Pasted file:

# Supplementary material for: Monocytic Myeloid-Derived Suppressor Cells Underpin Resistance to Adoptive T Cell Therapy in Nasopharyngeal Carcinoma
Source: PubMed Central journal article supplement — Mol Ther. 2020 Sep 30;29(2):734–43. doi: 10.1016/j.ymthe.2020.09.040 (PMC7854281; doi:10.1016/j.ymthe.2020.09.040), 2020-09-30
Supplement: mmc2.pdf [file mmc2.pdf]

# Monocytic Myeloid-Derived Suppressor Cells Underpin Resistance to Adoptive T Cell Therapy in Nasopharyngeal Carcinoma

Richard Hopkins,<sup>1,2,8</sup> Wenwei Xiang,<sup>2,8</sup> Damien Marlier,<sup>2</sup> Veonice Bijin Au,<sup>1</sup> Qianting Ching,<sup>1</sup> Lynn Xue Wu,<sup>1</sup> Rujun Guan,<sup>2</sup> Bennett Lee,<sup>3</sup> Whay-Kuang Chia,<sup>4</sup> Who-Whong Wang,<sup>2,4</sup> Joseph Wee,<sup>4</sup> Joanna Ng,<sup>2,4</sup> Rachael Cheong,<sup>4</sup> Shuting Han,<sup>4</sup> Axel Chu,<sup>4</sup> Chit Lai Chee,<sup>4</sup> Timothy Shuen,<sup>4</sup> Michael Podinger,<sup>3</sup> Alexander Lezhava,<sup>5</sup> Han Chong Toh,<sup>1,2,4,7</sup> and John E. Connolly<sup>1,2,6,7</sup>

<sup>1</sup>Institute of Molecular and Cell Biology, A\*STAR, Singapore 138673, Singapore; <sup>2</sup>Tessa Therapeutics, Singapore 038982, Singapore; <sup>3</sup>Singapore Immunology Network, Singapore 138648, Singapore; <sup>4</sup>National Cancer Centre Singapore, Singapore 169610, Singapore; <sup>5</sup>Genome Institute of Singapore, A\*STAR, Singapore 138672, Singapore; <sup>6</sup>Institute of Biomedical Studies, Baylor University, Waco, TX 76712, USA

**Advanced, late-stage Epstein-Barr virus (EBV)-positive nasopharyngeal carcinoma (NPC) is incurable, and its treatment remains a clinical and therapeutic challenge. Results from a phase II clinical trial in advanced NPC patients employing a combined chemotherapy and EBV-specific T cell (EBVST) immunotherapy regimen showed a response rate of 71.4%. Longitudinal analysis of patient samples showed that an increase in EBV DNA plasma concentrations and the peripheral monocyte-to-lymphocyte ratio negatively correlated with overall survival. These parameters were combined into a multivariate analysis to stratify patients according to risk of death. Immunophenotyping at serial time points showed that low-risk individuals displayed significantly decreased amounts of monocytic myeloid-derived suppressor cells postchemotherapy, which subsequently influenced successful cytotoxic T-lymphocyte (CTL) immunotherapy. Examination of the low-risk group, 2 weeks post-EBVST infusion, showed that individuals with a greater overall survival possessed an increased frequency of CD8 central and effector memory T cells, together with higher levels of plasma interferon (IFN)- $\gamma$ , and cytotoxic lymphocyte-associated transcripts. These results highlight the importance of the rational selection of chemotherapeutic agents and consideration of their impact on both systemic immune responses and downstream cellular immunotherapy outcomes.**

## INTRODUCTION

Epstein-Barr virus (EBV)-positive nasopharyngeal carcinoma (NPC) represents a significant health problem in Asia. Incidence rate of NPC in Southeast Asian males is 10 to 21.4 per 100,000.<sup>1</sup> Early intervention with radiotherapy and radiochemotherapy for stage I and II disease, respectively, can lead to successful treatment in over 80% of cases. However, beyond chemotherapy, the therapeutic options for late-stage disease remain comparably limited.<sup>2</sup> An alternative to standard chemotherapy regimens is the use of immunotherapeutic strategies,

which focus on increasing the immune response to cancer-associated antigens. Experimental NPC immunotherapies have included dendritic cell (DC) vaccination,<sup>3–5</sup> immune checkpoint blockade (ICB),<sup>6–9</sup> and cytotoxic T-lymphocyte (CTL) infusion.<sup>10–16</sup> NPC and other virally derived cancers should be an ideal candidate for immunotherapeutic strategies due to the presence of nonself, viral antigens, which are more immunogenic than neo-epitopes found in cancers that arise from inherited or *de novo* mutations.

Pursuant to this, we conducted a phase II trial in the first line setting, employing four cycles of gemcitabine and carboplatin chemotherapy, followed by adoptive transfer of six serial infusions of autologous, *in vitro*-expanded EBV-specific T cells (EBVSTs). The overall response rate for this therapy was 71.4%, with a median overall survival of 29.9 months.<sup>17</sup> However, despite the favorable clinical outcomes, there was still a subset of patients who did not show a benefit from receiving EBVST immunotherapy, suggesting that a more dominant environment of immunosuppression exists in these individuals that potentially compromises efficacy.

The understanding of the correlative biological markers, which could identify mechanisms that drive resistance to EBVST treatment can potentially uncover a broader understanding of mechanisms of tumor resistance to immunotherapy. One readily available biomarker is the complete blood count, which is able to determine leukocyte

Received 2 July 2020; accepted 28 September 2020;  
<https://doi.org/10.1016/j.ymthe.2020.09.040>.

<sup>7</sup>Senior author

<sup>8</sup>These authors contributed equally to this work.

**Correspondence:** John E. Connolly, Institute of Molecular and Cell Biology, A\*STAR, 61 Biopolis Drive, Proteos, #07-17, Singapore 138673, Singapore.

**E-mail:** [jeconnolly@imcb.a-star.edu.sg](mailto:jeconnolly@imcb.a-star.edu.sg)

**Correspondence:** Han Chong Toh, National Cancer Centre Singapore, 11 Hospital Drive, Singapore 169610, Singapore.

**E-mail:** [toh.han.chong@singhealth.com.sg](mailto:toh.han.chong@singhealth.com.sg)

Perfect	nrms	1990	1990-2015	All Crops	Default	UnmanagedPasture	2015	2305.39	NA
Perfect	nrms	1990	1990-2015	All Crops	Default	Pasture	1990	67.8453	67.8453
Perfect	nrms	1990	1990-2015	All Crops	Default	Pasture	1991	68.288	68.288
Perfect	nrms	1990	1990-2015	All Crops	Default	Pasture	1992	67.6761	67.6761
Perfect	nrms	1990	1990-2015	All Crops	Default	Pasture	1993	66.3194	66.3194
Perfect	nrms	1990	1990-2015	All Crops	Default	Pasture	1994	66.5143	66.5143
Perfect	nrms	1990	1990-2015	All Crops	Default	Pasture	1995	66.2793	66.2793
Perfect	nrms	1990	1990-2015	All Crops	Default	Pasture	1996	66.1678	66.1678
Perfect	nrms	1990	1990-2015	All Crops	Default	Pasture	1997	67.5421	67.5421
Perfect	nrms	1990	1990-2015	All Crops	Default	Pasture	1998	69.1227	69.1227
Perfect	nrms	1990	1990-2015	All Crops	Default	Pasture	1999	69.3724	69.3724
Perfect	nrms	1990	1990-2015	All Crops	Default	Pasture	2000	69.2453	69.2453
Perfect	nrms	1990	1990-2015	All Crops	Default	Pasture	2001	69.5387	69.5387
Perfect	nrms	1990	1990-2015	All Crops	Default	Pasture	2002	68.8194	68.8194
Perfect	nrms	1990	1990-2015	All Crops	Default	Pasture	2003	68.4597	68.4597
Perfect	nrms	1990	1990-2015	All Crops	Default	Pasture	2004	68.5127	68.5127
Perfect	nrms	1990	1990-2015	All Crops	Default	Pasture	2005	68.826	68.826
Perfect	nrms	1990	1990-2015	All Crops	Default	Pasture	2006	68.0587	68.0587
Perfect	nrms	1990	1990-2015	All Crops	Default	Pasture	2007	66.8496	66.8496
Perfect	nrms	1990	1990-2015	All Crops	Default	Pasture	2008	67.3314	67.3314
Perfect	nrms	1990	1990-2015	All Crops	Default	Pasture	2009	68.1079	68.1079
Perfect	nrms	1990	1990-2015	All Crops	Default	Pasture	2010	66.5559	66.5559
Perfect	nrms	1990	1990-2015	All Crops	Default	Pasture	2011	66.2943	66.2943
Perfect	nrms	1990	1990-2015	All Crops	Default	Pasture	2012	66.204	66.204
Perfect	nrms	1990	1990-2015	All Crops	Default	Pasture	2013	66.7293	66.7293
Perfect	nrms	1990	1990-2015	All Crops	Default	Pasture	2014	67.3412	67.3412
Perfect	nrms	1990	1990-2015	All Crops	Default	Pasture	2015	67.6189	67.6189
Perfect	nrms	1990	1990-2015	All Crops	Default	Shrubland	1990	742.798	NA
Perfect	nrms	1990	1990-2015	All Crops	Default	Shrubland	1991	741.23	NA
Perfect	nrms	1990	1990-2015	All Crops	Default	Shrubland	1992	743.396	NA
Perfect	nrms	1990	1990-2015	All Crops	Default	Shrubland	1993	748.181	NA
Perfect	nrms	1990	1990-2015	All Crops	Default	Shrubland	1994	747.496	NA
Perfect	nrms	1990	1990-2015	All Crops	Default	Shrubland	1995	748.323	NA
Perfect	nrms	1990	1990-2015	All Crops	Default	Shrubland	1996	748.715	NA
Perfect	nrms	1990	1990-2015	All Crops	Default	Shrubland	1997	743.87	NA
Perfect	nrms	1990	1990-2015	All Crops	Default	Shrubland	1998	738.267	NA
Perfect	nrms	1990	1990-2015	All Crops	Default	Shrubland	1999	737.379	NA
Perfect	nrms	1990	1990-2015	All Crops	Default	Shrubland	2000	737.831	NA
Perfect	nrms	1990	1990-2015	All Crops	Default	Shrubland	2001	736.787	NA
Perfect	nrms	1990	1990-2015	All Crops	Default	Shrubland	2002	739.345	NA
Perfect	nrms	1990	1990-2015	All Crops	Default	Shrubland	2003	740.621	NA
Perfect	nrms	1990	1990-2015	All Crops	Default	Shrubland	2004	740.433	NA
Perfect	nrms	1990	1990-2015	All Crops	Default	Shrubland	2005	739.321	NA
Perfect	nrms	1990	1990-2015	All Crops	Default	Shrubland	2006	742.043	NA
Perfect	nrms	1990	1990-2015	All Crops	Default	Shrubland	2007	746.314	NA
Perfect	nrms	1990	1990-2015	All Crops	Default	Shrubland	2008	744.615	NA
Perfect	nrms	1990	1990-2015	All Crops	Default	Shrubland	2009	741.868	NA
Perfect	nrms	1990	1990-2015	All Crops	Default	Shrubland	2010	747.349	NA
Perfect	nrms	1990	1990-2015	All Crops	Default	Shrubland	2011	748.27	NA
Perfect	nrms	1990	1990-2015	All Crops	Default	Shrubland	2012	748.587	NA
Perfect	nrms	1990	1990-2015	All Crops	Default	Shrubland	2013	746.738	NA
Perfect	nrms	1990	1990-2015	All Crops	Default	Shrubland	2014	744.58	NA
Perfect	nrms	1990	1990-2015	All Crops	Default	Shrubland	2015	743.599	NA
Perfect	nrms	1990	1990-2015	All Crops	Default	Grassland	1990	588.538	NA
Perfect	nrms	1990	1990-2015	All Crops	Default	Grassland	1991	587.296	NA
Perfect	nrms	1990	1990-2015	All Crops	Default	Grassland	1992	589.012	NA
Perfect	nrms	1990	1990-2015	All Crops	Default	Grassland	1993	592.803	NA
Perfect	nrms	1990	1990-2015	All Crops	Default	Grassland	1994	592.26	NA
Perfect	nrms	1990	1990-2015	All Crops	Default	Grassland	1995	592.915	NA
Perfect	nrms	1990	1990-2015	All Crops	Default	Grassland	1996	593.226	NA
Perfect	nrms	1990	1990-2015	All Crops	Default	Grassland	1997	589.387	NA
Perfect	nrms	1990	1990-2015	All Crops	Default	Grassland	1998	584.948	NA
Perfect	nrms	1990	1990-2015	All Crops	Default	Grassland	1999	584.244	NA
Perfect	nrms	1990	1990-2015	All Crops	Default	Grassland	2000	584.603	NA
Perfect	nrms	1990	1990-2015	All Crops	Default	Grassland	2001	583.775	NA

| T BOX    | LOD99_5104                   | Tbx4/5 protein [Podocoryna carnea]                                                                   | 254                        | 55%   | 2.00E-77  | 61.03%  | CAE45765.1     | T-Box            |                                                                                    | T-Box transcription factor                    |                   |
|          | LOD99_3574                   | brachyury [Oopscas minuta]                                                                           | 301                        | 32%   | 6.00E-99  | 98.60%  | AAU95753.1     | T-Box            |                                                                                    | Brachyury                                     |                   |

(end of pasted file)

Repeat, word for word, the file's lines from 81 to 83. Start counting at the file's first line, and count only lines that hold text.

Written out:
Perfect	nrms	1990	1990-2015	All Crops	Default	Grassland	1997	589.387	NA
Perfect	nrms	1990	1990-2015	All Crops	Default	Grassland	1998	584.948	NA
Perfect	nrms	1990	1990-2015	All Crops	Default	Grassland	1999	584.244	NA